Led by NRA Secretary Major E. J. Land Jr, USMC (RET) and 7 members of the NRA Board of Directors, the group arrived at Navy Med around 5 pm and served a steady stream of wounded warriors, their families and hospital staff for two hours. Board members chatted with soldiers and handed out plates piled high with barbeque chicken and pork, potato salad and coleslaw. 


Texas NRA Field Rep Jack Cannon has a neat item being auctioned off by one of his chapters this fall.

Big Bend Friends of NRA has been holding banquets for nearly 10 years, but this past year they really headed for higher ground. Located in the middle of the West Texas Mountains, the entire group, led by Dr. Dan Petrosky, went out to hit some larger goals.

This year's banquet featured the first-ever completely sold out banquet in their history. More than 250 people crowded into the Alpine Civic Center to enjoy a night of fun and fundraising. When the dust had settled, they had not only sold out of dinner tickets, but had also sold out of every game they had going and finished the night with nearly $22,000.00 raised for The NRA Foundation.


Earlier this week, NRAblog sat down with NRA Second Vice President James W. Porter, II at the Long Range High Power Championships in Camp Perry, Ohio.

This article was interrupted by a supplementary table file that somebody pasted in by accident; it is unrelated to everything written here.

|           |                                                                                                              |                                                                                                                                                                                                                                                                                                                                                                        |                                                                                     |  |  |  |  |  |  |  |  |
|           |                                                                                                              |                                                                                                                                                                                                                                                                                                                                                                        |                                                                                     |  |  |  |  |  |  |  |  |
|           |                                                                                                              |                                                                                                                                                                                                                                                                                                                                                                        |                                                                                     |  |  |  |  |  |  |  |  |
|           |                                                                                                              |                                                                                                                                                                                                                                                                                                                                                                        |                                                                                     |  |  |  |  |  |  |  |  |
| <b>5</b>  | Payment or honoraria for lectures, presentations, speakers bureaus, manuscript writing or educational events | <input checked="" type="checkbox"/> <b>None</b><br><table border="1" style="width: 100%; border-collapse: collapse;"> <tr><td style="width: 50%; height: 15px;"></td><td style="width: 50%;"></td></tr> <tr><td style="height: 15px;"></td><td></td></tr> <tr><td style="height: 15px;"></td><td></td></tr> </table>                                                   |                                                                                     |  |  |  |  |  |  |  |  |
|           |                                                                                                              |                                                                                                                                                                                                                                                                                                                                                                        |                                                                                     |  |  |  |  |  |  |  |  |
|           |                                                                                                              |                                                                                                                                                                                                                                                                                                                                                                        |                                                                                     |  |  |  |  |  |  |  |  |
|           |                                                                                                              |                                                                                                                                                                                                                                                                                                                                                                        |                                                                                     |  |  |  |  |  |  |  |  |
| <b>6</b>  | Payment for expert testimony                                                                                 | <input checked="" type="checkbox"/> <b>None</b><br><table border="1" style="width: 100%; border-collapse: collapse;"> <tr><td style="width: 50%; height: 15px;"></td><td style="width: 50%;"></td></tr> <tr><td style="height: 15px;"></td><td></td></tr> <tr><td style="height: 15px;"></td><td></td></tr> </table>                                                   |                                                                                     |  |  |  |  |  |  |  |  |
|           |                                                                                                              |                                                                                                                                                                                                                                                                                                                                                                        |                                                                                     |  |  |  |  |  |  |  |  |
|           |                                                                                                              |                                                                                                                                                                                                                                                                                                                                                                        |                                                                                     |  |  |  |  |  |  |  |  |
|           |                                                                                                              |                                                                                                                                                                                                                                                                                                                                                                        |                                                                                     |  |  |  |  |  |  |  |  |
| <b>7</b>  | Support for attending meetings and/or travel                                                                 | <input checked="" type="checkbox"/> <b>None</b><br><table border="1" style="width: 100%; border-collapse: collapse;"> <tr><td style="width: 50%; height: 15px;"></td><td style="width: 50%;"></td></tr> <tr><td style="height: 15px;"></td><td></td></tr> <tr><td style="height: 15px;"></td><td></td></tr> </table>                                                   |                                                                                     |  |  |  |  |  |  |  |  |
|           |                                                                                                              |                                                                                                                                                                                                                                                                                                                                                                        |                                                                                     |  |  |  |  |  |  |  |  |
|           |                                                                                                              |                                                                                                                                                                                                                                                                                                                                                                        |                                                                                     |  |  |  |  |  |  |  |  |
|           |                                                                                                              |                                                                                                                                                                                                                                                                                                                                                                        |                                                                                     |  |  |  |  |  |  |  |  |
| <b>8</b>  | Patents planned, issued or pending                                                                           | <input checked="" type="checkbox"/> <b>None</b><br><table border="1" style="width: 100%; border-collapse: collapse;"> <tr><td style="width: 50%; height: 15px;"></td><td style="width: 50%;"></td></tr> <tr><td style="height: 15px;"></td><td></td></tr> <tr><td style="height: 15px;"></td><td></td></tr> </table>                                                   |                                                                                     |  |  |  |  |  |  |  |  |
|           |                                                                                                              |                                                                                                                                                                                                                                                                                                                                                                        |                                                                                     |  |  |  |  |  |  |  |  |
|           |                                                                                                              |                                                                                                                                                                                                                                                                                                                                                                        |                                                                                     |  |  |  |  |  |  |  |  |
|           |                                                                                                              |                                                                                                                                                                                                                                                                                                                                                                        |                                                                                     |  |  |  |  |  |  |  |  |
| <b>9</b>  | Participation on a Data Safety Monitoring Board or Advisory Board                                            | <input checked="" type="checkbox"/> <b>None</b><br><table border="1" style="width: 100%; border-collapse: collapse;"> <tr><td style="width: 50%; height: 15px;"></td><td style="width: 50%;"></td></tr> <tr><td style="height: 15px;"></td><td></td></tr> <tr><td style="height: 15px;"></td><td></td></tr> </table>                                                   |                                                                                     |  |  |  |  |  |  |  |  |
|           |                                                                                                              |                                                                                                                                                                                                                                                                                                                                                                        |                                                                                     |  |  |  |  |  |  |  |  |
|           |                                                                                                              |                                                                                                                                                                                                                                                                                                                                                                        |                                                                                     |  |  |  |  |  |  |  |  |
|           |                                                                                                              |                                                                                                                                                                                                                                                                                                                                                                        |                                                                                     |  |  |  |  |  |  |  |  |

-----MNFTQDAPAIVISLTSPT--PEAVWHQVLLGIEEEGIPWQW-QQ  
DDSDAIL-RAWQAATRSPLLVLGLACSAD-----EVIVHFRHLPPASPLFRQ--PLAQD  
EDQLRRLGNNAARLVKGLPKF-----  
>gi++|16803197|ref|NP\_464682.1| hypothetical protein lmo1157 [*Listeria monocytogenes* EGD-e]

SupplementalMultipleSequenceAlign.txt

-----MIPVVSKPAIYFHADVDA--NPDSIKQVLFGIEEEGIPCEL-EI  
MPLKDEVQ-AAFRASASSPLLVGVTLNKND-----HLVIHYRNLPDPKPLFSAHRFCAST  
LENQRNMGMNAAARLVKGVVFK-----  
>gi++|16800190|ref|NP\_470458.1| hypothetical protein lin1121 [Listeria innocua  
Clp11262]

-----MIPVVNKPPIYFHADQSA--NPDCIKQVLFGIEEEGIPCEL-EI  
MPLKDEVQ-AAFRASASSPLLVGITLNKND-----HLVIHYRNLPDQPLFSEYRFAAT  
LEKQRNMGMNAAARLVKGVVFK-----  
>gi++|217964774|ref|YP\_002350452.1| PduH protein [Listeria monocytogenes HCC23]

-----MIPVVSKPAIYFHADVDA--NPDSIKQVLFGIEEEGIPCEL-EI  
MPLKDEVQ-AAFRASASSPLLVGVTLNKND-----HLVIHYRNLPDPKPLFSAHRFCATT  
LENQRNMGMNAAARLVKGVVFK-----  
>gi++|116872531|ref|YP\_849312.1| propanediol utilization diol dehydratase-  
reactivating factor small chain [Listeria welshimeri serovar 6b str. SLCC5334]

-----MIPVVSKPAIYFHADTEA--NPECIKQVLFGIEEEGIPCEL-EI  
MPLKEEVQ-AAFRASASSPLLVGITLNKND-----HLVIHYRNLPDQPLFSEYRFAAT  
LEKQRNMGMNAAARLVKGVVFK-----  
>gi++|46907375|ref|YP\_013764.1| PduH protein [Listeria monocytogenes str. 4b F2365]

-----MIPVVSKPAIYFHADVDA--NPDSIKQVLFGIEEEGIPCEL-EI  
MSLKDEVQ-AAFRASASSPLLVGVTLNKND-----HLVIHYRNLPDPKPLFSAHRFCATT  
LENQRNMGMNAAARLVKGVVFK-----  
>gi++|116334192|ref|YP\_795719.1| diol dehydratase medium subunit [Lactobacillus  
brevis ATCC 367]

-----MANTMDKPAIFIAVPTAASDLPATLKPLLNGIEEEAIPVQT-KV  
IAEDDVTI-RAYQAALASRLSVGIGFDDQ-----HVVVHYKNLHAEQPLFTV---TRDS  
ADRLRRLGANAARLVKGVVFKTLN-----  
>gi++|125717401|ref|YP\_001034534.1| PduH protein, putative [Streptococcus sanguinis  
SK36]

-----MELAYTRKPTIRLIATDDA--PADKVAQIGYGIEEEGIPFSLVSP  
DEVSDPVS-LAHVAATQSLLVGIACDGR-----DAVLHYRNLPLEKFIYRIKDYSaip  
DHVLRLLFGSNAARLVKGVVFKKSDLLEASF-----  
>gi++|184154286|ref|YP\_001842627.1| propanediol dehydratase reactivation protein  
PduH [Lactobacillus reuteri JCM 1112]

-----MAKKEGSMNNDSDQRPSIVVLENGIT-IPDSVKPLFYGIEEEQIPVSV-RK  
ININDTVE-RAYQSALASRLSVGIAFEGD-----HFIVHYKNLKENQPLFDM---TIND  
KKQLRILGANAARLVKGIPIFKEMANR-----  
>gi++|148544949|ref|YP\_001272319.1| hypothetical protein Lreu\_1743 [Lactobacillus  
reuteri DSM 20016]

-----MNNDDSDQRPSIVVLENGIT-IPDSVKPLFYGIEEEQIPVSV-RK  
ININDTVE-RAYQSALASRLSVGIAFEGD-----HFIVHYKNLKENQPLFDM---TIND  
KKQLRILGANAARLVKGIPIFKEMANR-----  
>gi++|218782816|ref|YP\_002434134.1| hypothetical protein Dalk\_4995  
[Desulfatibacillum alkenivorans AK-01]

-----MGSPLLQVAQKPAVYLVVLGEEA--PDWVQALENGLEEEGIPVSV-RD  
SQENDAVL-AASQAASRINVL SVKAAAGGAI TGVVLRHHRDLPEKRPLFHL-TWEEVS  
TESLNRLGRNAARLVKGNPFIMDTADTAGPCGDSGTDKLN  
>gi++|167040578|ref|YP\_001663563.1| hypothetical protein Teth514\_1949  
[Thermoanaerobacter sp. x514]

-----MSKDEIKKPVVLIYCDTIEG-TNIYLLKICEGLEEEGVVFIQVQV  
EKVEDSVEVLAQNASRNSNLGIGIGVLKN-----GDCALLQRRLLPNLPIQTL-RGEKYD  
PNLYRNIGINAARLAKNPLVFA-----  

When did you get your start in the NRA?

I was elected to the board for the first time about twenty years ago. Then there was a break of service for a few years, but since 1997 my service has been consecutive.

NRA Second Vice President James Porter Sounds like a long time.

Well I was sort of born into the NRA. Literally, it’s my family. My dad (Irvine C. Porter) was on the board and served as President in 1959-1960. I practically grew up in Camp Perry over the first 18 summers of my life. It was a wonderful group of people. Alice Bull and her family. The Lymans, Charlie, Wally, Big Charlie and Pearl. Mr. Whittington and everyone was here – all part of the NRA family.

They use to have a board meeting here during the national matches every summer. So you had most of the board members and most of the officials in the organization here. People like Harlan Carter. It was just a wonderful group. And an absolutely fabulous way for a youngster to grow up.

Back then the military was still running things. That meant mess hall grub - which was perfect for a kid like me. More

NRA Director of Competitive Shooting Mike Krei and NRA First Vice President David Keene

I sat down with NRA First Vice President David Keene (pictured on the right) yesterday while he visited one of the Long Range High Power competitions here at Camp Perry.

Is this your first visit to Camp Perry this year?

I was out for a day or so for Smallbore last year, but this is the first time I’ve been out here for the Long Range High Power matches.